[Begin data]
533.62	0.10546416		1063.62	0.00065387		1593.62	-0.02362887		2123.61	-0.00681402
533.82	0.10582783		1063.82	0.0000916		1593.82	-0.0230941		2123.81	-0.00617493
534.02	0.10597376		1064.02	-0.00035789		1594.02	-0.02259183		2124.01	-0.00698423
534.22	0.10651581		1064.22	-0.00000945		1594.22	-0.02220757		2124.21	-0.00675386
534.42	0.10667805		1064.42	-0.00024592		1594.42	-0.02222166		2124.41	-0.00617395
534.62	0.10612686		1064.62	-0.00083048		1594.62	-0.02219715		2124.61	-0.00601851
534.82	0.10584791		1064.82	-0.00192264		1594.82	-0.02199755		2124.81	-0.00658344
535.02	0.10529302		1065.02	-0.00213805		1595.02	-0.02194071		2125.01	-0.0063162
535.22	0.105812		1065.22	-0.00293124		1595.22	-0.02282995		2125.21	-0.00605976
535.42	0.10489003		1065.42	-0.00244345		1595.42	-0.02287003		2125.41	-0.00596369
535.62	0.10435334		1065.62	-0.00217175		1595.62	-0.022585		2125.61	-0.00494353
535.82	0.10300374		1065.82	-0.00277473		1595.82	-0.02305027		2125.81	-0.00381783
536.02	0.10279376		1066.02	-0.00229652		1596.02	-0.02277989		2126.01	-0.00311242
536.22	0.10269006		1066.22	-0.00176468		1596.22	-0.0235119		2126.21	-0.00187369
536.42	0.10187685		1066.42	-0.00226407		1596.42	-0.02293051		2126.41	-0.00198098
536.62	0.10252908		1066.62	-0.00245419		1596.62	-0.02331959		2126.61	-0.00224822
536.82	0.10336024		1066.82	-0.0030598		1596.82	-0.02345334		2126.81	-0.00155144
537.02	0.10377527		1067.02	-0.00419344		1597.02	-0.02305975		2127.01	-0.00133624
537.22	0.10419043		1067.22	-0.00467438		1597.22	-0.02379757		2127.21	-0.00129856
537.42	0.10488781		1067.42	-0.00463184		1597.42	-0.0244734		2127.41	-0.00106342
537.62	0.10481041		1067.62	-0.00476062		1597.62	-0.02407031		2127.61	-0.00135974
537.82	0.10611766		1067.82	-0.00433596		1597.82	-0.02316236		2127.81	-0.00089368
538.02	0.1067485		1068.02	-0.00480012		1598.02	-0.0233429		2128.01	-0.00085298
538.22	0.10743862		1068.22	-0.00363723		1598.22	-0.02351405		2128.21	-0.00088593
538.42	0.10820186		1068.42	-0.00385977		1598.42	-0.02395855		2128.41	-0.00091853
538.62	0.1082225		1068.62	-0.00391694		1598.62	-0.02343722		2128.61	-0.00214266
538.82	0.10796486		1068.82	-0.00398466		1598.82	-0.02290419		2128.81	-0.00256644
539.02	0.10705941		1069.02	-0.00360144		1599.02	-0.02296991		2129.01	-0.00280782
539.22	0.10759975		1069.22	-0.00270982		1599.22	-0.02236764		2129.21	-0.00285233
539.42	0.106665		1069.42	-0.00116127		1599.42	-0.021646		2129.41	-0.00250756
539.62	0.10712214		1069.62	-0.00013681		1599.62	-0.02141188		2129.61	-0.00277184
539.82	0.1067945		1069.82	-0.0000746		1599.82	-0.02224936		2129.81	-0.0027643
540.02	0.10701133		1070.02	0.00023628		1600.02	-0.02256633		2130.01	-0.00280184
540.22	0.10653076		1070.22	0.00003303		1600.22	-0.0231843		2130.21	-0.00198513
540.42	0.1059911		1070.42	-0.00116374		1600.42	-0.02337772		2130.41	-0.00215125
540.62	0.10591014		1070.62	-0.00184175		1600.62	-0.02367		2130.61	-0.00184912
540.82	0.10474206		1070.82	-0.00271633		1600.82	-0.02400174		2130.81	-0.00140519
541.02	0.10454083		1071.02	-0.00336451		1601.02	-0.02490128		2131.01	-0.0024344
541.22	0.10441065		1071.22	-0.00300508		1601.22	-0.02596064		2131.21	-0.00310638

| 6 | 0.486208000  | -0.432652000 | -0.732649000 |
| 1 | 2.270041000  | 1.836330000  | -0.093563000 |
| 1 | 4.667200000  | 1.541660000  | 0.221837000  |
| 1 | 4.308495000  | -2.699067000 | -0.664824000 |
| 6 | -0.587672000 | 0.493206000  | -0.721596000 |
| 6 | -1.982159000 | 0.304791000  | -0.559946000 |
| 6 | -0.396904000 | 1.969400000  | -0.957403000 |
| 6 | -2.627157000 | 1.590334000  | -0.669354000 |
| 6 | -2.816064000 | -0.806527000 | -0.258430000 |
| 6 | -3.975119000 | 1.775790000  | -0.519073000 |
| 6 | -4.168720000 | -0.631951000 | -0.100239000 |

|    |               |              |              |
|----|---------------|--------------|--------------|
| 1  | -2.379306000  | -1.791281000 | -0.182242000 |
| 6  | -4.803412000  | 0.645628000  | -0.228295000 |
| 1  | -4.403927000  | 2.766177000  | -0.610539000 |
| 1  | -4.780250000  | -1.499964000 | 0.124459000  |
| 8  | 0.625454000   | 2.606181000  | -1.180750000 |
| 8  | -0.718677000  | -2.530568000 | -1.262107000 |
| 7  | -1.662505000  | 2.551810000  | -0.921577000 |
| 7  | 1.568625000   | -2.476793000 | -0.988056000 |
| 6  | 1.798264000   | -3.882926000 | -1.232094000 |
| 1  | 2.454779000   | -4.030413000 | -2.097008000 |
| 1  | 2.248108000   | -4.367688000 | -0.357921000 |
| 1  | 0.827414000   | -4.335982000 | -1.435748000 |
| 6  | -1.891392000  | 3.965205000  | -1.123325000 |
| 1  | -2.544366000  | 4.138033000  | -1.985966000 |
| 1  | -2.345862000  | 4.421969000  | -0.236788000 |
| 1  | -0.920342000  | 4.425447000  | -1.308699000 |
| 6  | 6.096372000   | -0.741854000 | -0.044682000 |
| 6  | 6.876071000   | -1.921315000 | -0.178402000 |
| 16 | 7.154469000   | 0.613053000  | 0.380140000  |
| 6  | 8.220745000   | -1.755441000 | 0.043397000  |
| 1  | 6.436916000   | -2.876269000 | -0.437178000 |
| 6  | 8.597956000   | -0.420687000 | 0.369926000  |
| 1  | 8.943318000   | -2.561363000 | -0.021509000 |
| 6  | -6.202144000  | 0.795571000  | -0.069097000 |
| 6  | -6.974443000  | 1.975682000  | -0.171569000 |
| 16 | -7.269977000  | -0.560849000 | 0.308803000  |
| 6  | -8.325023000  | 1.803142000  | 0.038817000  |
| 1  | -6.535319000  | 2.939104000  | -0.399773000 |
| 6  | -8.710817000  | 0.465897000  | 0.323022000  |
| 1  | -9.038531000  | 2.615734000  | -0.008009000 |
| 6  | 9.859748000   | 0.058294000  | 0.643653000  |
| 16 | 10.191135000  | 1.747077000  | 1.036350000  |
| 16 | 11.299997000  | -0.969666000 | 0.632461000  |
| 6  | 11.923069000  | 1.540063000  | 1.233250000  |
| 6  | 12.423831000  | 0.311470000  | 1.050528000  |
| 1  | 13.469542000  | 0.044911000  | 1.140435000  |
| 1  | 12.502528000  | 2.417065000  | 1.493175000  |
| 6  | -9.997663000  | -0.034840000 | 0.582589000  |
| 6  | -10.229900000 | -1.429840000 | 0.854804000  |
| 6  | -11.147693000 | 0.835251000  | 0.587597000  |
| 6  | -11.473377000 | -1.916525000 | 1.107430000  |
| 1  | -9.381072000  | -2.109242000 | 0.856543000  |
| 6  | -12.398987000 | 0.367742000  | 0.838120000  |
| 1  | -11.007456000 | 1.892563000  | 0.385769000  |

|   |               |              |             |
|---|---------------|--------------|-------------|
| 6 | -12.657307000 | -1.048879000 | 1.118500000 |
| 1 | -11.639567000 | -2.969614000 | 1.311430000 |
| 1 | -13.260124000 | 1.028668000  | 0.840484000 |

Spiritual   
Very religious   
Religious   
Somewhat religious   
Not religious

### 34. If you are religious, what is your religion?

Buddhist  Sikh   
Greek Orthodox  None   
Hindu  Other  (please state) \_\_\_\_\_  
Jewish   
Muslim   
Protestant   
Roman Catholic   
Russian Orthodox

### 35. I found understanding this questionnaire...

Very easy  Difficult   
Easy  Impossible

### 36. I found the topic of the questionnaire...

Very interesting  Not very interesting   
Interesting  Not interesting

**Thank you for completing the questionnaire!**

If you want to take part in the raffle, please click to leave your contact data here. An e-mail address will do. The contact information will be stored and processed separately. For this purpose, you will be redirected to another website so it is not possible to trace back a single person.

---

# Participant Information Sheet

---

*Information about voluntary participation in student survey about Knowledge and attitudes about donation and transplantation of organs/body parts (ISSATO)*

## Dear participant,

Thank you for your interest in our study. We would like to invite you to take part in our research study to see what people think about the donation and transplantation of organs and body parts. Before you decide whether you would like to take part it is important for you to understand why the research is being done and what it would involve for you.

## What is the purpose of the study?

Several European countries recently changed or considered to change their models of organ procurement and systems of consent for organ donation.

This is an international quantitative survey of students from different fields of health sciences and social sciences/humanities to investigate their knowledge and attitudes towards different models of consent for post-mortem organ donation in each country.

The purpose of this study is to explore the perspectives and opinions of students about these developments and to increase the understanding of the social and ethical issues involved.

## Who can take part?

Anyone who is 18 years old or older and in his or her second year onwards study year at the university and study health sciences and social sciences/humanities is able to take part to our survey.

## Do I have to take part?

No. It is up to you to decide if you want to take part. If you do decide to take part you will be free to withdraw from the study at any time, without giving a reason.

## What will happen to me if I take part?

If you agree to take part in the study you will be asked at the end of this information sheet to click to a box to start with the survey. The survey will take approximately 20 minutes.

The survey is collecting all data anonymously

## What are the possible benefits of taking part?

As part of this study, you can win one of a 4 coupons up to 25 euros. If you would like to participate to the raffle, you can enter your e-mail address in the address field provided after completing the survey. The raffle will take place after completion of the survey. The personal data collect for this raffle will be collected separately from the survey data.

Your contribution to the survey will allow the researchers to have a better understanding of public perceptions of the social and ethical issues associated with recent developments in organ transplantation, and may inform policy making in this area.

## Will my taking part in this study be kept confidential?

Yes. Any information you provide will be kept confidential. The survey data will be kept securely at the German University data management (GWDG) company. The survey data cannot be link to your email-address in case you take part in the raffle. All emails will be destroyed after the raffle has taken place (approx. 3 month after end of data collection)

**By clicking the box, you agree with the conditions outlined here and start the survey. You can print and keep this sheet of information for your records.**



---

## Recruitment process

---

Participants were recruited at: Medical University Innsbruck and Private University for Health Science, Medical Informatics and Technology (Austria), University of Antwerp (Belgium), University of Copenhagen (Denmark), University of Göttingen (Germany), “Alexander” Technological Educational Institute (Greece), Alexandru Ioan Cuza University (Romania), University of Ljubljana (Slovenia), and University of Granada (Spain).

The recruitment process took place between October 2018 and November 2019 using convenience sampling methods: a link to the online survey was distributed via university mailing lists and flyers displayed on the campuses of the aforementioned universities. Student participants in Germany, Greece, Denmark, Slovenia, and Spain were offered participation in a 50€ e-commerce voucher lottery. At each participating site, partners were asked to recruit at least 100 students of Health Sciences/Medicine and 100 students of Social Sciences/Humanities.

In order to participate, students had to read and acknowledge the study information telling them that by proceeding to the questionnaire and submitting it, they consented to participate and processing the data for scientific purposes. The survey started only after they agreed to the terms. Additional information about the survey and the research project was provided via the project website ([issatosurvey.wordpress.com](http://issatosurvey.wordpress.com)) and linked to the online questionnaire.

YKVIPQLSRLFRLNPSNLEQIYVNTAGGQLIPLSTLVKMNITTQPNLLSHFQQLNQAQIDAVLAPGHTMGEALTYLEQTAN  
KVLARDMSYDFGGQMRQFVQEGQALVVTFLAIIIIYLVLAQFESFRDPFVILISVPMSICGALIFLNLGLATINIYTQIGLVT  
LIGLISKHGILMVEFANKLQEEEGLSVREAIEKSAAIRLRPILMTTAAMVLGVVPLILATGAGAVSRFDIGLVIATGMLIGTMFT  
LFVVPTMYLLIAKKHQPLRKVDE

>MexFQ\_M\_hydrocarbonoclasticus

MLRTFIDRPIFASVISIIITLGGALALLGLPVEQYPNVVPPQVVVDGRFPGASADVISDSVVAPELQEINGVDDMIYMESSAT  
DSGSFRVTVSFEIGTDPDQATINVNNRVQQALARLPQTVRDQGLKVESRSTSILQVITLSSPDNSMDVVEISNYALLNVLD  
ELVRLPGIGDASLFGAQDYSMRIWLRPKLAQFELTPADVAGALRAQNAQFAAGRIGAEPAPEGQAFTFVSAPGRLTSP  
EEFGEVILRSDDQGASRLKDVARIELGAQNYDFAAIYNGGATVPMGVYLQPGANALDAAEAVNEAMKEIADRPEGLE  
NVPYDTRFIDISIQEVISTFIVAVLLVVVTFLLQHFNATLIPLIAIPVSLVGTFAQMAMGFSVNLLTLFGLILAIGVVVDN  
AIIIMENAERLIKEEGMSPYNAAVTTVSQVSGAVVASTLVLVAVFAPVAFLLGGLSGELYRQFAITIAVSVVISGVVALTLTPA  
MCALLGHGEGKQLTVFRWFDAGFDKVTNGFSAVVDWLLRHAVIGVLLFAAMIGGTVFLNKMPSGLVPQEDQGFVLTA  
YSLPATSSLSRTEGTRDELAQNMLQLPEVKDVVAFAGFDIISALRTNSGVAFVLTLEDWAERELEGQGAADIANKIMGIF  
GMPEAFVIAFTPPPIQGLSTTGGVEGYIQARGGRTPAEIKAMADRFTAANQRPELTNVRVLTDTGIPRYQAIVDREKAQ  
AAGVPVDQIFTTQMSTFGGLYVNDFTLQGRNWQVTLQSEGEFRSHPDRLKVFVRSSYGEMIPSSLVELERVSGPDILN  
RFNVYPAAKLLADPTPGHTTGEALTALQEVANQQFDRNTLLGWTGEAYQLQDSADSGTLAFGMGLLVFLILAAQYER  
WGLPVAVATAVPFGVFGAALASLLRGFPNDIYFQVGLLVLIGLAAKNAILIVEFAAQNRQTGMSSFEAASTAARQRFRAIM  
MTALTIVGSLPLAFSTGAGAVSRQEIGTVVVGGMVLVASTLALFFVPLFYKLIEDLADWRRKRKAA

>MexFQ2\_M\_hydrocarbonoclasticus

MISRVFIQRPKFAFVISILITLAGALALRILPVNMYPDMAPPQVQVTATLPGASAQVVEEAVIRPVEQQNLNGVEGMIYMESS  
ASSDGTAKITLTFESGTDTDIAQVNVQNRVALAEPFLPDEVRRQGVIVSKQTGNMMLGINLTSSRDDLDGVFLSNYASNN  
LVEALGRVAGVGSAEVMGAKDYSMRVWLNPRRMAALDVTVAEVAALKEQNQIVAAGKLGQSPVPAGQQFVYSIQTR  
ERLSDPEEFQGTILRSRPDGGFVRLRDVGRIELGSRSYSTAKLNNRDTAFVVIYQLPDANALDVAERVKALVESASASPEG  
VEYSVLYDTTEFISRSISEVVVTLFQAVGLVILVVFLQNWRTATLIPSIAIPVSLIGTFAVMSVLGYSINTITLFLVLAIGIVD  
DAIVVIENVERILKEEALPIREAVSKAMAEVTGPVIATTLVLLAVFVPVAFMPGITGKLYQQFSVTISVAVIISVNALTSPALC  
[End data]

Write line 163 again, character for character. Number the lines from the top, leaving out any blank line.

AIIIMENAERLIKEEGMSPYNAAVTTVSQVSGAVVASTLVLVAVFAPVAFLLGGLSGELYRQFAITIAVSVVISGVVALTLTPA  